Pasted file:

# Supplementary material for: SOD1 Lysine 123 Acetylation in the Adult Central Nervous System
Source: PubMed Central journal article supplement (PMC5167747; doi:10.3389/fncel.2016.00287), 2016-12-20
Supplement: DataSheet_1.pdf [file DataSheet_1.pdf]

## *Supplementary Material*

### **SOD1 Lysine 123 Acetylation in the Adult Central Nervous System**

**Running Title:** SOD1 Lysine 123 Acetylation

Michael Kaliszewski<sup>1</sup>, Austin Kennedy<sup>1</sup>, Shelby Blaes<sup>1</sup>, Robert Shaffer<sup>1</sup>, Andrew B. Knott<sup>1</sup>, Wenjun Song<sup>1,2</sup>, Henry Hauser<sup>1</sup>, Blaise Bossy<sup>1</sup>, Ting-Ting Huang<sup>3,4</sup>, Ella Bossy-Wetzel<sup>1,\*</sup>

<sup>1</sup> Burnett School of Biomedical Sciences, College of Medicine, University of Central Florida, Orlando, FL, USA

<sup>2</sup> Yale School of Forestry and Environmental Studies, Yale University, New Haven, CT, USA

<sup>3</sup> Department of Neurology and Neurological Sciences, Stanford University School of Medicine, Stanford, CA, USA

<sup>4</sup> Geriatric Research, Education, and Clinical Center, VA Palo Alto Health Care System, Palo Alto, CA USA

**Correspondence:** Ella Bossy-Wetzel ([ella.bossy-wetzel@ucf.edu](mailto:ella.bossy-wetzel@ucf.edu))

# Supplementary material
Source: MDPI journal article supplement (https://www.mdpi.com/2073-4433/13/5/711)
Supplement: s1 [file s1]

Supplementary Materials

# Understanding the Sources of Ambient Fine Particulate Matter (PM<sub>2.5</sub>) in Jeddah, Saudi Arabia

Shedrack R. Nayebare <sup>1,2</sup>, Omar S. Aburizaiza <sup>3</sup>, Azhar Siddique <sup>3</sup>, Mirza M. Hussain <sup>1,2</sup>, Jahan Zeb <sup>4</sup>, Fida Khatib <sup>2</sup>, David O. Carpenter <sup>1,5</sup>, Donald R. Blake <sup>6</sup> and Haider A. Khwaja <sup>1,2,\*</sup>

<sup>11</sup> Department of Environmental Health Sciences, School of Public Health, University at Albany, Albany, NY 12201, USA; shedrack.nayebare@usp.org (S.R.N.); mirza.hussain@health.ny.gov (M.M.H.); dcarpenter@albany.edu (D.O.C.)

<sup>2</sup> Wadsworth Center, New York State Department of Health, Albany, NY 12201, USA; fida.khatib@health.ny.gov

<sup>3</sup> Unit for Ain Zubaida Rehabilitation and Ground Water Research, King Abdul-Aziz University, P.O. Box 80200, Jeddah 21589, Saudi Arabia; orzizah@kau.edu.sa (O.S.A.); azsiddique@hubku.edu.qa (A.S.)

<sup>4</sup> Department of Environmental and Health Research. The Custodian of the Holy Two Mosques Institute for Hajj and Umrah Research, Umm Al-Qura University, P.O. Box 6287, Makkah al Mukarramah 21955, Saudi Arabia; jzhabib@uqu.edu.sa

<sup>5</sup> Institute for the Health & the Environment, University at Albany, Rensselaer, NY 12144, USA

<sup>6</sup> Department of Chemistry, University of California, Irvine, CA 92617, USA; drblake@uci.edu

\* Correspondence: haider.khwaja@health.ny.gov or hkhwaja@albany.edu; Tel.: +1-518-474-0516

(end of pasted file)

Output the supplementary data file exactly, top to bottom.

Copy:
# Supplementary material for: SOD1 Lysine 123 Acetylation in the Adult Central Nervous System
Source: PubMed Central journal article supplement (PMC5167747; doi:10.3389/fncel.2016.00287), 2016-12-20
Supplement: DataSheet_1.pdf [file DataSheet_1.pdf]

## *Supplementary Material*

### **SOD1 Lysine 123 Acetylation in the Adult Central Nervous System**

**Running Title:** SOD1 Lysine 123 Acetylation

Michael Kaliszewski<sup>1</sup>, Austin Kennedy<sup>1</sup>, Shelby Blaes<sup>1</sup>, Robert Shaffer<sup>1</sup>, Andrew B. Knott<sup>1</sup>, Wenjun Song<sup>1,2</sup>, Henry Hauser<sup>1</sup>, Blaise Bossy<sup>1</sup>, Ting-Ting Huang<sup>3,4</sup>, Ella Bossy-Wetzel<sup>1,\*</sup>

<sup>1</sup> Burnett School of Biomedical Sciences, College of Medicine, University of Central Florida, Orlando, FL, USA

<sup>2</sup> Yale School of Forestry and Environmental Studies, Yale University, New Haven, CT, USA

<sup>3</sup> Department of Neurology and Neurological Sciences, Stanford University School of Medicine, Stanford, CA, USA

<sup>4</sup> Geriatric Research, Education, and Clinical Center, VA Palo Alto Health Care System, Palo Alto, CA USA

**Correspondence:** Ella Bossy-Wetzel ([ella.bossy-wetzel@ucf.edu](mailto:ella.bossy-wetzel@ucf.edu))

# Supplementary material
Source: MDPI journal article supplement (https://www.mdpi.com/2073-4433/13/5/711)
Supplement: s1 [file s1]

Supplementary Materials

# Understanding the Sources of Ambient Fine Particulate Matter (PM<sub>2.5</sub>) in Jeddah, Saudi Arabia

Shedrack R. Nayebare <sup>1,2</sup>, Omar S. Aburizaiza <sup>3</sup>, Azhar Siddique <sup>3</sup>, Mirza M. Hussain <sup>1,2</sup>, Jahan Zeb <sup>4</sup>, Fida Khatib <sup>2</sup>, David O. Carpenter <sup>1,5</sup>, Donald R. Blake <sup>6</sup> and Haider A. Khwaja <sup>1,2,\*</sup>

<sup>11</sup> Department of Environmental Health Sciences, School of Public Health, University at Albany, Albany, NY 12201, USA; shedrack.nayebare@usp.org (S.R.N.); mirza.hussain@health.ny.gov (M.M.H.); dcarpenter@albany.edu (D.O.C.)

<sup>2</sup> Wadsworth Center, New York State Department of Health, Albany, NY 12201, USA; fida.khatib@health.ny.gov

<sup>3</sup> Unit for Ain Zubaida Rehabilitation and Ground Water Research, King Abdul-Aziz University, P.O. Box 80200, Jeddah 21589, Saudi Arabia; orzizah@kau.edu.sa (O.S.A.); azsiddique@hubku.edu.qa (A.S.)

<sup>4</sup> Department of Environmental and Health Research. The Custodian of the Holy Two Mosques Institute for Hajj and Umrah Research, Umm Al-Qura University, P.O. Box 6287, Makkah al Mukarramah 21955, Saudi Arabia; jzhabib@uqu.edu.sa

<sup>5</sup> Institute for the Health & the Environment, University at Albany, Rensselaer, NY 12144, USA

<sup>6</sup> Department of Chemistry, University of California, Irvine, CA 92617, USA; drblake@uci.edu

\* Correspondence: haider.khwaja@health.ny.gov or hkhwaja@albany.edu; Tel.: +1-518-474-0516